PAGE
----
There are also various approaches to monetary systems without interest. These initiatives have targeted interest as the central evil of the monetary system. They are primarily concerned with the exponential growth of credit and debt and the resulting compulsion of the economy to grow (with the harmful consequences for people and the environment already mentioned). The debt compulsion could thus be slowed down. Especially some complementary currencies do important pioneering work here.
After all, interest has many important functions within our economic system. For example, it can be a reward for not consuming one’s entire disposable income directly, but lending it to others or putting it aside for old age.
PLEASANT NEW MONEY
This includes, for example, digital currencies or cryptocurrencies such as Bitcoins, which can provide for direct payment transactions. This makes banks as intermediaries (mediators) almost superfluous and people much more independent.
We could not sum it up better than this interesting poem on the monetary system by Arno Hohensee. It is therefore the perfect introduction before we draw a final conclusion.
In conclusion, it can certainly be said that the monetary system has a split character. On the one hand, it is endowed with numerous problematic factors. On the other hand, it also offers the possibility for everyone to be financially free.
Capitalism and freedom are therefore not fundamentally mutually exclusive. Quite the opposite. It depends thus always on how one uses the acquired knowledge for itself!
With the help of the money system explanations on our site and our books, you can definitely build a solid foundation for your path to financial independence. After all, what are mistakes in the money system for one person can be useful for another.
One of the first things one reads in textbooks is the two-tier structure of the monetary and banking system. The first stage is determined by the central bank of a currency area and its relationship with banks; the second stage concerns the banking sector and its relationship with non-banks, the public or bank customers. The two levels are obvious, but they are associated with some misleading notions, for example, that money is created by central banks at the first level by lending it to banks, which in turn on-lend central bank money to their customers at the second level, or that they lend out their own bank money (Giralgeld) to customers on the basis of central bank credit. As will be explained in more detail in a moment, none of this applies in this way.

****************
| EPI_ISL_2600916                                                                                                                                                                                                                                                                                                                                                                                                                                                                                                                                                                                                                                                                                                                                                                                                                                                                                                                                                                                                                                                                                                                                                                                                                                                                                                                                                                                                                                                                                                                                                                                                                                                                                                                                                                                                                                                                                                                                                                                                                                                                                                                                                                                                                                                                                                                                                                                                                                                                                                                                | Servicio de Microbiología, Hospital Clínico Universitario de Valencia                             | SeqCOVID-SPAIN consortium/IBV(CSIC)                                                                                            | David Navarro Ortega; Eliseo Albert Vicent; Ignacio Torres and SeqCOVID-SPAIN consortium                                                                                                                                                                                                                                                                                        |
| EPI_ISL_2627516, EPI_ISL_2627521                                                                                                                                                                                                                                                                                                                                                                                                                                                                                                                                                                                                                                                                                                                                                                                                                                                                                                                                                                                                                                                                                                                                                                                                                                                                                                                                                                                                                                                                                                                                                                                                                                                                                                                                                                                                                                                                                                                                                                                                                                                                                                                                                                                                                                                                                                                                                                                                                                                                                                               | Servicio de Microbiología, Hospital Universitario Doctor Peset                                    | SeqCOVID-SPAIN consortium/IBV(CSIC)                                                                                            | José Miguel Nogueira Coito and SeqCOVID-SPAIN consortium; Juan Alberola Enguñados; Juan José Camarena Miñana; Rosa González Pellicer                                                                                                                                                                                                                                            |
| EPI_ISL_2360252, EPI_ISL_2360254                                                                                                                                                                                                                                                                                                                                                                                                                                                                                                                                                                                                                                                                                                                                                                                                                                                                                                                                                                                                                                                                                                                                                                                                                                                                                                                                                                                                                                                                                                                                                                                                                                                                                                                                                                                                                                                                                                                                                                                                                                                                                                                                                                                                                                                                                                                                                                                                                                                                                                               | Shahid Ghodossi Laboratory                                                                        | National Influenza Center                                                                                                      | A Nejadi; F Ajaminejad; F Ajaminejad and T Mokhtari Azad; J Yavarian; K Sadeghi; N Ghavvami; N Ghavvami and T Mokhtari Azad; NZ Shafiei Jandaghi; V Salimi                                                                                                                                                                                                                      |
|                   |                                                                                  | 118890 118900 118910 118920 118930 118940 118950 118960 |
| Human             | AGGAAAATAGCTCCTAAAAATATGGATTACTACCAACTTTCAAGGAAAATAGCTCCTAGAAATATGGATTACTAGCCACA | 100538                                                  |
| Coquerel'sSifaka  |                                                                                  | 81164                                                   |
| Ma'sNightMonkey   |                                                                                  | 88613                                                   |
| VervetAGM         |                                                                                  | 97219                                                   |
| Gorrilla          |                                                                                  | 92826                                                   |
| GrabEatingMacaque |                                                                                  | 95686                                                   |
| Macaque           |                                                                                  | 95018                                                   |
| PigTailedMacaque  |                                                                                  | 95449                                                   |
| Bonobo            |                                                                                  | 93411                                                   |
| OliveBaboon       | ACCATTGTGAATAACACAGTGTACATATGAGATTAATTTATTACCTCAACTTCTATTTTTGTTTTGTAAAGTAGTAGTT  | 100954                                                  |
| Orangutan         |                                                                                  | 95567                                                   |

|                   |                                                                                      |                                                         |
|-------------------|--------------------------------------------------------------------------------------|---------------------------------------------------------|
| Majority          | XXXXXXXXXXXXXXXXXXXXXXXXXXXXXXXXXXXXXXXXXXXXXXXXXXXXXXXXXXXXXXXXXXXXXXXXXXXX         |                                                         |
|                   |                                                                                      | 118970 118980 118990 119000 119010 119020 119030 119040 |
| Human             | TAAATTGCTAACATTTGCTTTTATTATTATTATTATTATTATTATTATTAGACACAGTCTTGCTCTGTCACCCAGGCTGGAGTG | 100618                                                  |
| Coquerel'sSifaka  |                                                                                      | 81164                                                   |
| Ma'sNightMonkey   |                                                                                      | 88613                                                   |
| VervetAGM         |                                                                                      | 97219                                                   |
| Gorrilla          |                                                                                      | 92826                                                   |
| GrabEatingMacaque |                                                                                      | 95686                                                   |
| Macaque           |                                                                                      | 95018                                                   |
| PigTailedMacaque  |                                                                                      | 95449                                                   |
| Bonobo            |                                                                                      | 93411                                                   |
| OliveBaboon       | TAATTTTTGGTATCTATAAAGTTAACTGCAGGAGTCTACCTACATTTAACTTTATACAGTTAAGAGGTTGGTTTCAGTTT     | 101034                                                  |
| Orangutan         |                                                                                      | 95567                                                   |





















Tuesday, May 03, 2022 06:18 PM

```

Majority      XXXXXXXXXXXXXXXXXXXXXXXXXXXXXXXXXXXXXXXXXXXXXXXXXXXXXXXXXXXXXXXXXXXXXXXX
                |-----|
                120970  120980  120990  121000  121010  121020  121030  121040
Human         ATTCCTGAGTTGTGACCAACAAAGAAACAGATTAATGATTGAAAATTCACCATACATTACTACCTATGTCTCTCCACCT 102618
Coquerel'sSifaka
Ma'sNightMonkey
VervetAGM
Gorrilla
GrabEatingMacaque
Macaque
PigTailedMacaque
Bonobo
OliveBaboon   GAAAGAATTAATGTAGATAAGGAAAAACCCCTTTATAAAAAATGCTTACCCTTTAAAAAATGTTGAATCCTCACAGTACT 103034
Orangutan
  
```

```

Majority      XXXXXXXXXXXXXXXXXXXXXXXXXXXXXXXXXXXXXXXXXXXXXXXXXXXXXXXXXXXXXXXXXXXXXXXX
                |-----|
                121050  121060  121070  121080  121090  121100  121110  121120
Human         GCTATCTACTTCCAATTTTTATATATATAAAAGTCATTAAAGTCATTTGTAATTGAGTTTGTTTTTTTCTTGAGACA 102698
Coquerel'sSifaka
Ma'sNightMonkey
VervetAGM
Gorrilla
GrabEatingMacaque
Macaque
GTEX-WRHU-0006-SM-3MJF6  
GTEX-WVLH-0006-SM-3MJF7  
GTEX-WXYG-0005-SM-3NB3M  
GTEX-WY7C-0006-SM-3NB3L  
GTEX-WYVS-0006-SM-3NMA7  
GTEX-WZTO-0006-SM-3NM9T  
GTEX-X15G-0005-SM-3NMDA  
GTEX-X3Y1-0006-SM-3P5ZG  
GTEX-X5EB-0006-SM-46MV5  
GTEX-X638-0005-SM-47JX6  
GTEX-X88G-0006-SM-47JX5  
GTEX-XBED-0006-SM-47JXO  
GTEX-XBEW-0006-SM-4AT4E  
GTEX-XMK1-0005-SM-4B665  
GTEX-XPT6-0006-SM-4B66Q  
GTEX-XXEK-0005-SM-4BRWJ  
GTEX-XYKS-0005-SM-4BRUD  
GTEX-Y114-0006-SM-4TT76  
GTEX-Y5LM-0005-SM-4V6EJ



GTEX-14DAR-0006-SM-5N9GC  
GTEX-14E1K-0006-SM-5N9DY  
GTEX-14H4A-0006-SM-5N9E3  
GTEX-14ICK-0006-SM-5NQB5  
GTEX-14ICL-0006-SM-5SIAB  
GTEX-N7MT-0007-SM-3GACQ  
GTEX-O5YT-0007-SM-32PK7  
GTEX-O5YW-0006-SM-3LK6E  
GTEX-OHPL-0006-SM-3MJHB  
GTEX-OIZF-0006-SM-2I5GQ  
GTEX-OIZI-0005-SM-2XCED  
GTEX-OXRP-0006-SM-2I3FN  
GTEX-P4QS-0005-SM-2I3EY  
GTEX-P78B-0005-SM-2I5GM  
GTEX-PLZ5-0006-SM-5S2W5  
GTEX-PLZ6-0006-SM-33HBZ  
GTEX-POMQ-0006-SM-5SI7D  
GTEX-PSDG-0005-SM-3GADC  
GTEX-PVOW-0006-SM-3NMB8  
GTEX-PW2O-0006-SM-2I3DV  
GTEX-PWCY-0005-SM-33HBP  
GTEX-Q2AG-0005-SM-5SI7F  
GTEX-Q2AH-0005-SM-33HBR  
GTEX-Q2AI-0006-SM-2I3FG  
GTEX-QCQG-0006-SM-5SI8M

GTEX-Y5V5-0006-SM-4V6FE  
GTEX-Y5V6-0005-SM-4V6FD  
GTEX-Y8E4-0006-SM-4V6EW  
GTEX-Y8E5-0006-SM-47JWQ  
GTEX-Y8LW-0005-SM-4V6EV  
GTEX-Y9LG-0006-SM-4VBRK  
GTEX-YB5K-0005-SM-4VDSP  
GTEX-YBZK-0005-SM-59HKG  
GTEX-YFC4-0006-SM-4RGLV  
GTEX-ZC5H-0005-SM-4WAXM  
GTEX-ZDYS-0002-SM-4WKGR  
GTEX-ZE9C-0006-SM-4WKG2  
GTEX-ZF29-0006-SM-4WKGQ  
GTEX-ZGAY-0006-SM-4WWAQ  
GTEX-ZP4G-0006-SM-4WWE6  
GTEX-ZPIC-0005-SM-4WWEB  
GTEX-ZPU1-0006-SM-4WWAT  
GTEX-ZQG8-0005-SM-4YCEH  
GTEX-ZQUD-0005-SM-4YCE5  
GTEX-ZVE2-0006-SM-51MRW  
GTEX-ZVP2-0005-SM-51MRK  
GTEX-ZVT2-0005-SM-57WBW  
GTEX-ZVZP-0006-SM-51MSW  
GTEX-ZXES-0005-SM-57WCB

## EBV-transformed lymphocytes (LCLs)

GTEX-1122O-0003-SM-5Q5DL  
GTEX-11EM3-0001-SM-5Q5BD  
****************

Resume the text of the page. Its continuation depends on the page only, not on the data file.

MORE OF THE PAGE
The two money circuits are separate and do not mix. However, the circulation of public money is technically linked to the interbank circulation in that cashless payments among non-banks are intermediated via the interbank circulation.
To the extent that banknotes and coins are still in use, cash forms a third monetary cycle. Cash is also central bank money. In today’s essentially cashless monetary system, however, cash is of only marginal importance. Within the framework of the existing reserve banking system, cash and account money (credit balances in accounts) must not be confused with one another, as happens in careless linguistic usage, especially with regard to the English ‘cash’, and even in official accounting standards. In its origin, modern money is non-cash, as a credit to an account. In the context of the dual monetary cycle, this applies to both central bank money (reserves) and bank money (giro money). Traditional cash (coins and banknotes) is now only a residual technical change quantity that is exchanged out of a checking account and can be exchanged back in.